HEALTH CARE

Appeals court ruling allows hospitals’ mental health lawsuit against Oregon to continue

A federal lawsuit that four hospital systems filed against the Oregon Health Authority for failing to adequately care for people experiencing mental illness can continue at the district court level, the Ninth Circuit U.S. Court of Appeals ruled Wednesday.

The appeals court’s ruling sent the case back to the U.S. District Court of Oregon, which had previously dismissed it. The decision hands a legal victory to some of the state’s largest hospital systems in their fight to force the state to do more to care for the state’s most vulnerable residents, who otherwise are forced to languish for weeks or longer in temporary hospital beds without adequate long-term care. 

Legacy Health, PeaceHealth, Providence Health & Services, and St. Charles Health System in 2022 sued the state, alleging the health authority is failing to provide adequate care for people with mental health needs. 

“We’re pleased with the court’s decision, and we’re optimistic that this lawsuit will result in a much-needed course correction from the OHA,” Melissa Eckstein, president of Unity Center for Behavioral Health, said in a statement. “We originally took this action because the state of Oregon consistently violates the civil rights of vulnerable Oregonians by refusing to provide care intended to restore their freedom.”

The four hospital systems run more than half of the state’s psychiatric beds, but those are only intended for short-term needs. Civilly committed patients and their needs are central to the case. The hospitals allege that those patients, even when they need appropriate long-term care, are not moved to facilities as the law requires and spend weeks, months or longer in hospitals, lacking treatment plans or settings that meet their needs. 

The Oregon Health Authority is responsible for those patients, as well as others in the Oregon State Hospital, which largely treats patients who face criminal charges and need treatment so they can go to court. In the past, defendants deemed to be in need of mental health care have sat in jail cells for months without treatment, sparking litigation that led to an ongoing agreement with the health authority on oversight and treatment deadlines for suspects.

Patients who are civilly committed do not face criminal charges and in the past were often treated by the hospital. But now it lacks beds for civilly committed patients.

Amber Shoebridge, a spokesperson for the Oregon Health Authority, declined to comment on the ruling.

“Community hospitals are not equipped, staffed or designed to provide long-term mental health care,” said Alicia Beymer, chief administrative officer of PeaceHealth Sacred Heart Medical Center at RiverBend. “Despite the previous dismissal of our case, we felt duty-bound to appeal on behalf of the many vulnerable patients who are being denied appropriate care.”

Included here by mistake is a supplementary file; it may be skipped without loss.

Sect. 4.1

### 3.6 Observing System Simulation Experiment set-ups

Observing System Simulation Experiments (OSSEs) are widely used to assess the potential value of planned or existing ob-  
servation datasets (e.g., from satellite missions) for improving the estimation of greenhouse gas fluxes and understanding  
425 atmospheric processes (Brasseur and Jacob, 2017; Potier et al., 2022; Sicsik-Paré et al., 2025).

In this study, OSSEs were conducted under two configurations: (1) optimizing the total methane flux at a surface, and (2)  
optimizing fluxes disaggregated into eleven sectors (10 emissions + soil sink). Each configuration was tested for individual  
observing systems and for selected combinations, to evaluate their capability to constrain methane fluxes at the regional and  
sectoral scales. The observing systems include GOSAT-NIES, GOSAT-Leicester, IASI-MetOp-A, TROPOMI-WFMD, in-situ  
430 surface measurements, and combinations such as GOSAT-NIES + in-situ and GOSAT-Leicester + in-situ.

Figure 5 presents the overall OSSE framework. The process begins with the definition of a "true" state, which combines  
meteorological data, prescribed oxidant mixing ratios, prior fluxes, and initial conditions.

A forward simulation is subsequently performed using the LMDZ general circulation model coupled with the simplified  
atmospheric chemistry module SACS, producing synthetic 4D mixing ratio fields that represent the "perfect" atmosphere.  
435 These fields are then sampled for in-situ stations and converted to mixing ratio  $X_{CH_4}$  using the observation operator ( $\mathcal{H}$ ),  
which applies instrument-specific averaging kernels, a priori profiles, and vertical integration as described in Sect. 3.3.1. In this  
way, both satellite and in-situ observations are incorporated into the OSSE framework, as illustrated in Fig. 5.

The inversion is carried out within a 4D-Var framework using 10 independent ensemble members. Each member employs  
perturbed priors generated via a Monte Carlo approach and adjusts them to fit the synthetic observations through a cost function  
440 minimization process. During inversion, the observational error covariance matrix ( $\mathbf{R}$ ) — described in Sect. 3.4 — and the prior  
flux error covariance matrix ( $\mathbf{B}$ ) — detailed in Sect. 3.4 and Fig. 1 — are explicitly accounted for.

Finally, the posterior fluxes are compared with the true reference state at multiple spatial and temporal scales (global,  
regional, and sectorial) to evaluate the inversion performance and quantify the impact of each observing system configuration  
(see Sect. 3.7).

The hospital systems want the state to make systemic improvements so people with mental health needs get the treatment they need. Oregon’s behavioral health crisis is well-documented, even by the health authority as it faces the lawsuit. In February, the Oregon Health Authority released a report that found the state needs nearly 3,000 additional beds to meet the needs of people with mental health and addiction challenges. 

In recent years, state lawmakers have pushed to address the state’s behavioral health crisis, putting more than $1 billion toward new facilities and programs. But efforts still languish, even when funding is available. Some providers have raised concerns about the health authority’s slow pace at approving and funding projects, even when money is on hand. 

“The court’s ruling allows us to continue pursuing legal action to ensure that there is a functional mental health system in Oregon,” Robin Henderson, chief executive of Providence Behavioral Health, said in a statement. “Such a system and continuum of care must include secure residential treatment facilities, as well as effective community-based services to meet the various needs of this vulnerable patient population. Oregonians won’t be able to fully realize this system until the state begins living up to its legally mandated role.”

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Ben Botkin - Oregon Capital Chronicle

Ben Botkin covers justice, health and social services issues for the Oregon Capital Chronicle. He has been a reporter since 2003, when he drove from his Midwest locale to Idaho for his first journalism job. He has written extensively about politics and state agencies in Idaho, Nevada and Oregon. Most recently, he covered health care and the Oregon Legislature for The Lund Report. Botkin has won multiple journalism awards for his investigative and enterprise reporting, including on education, state budgets and criminal justice.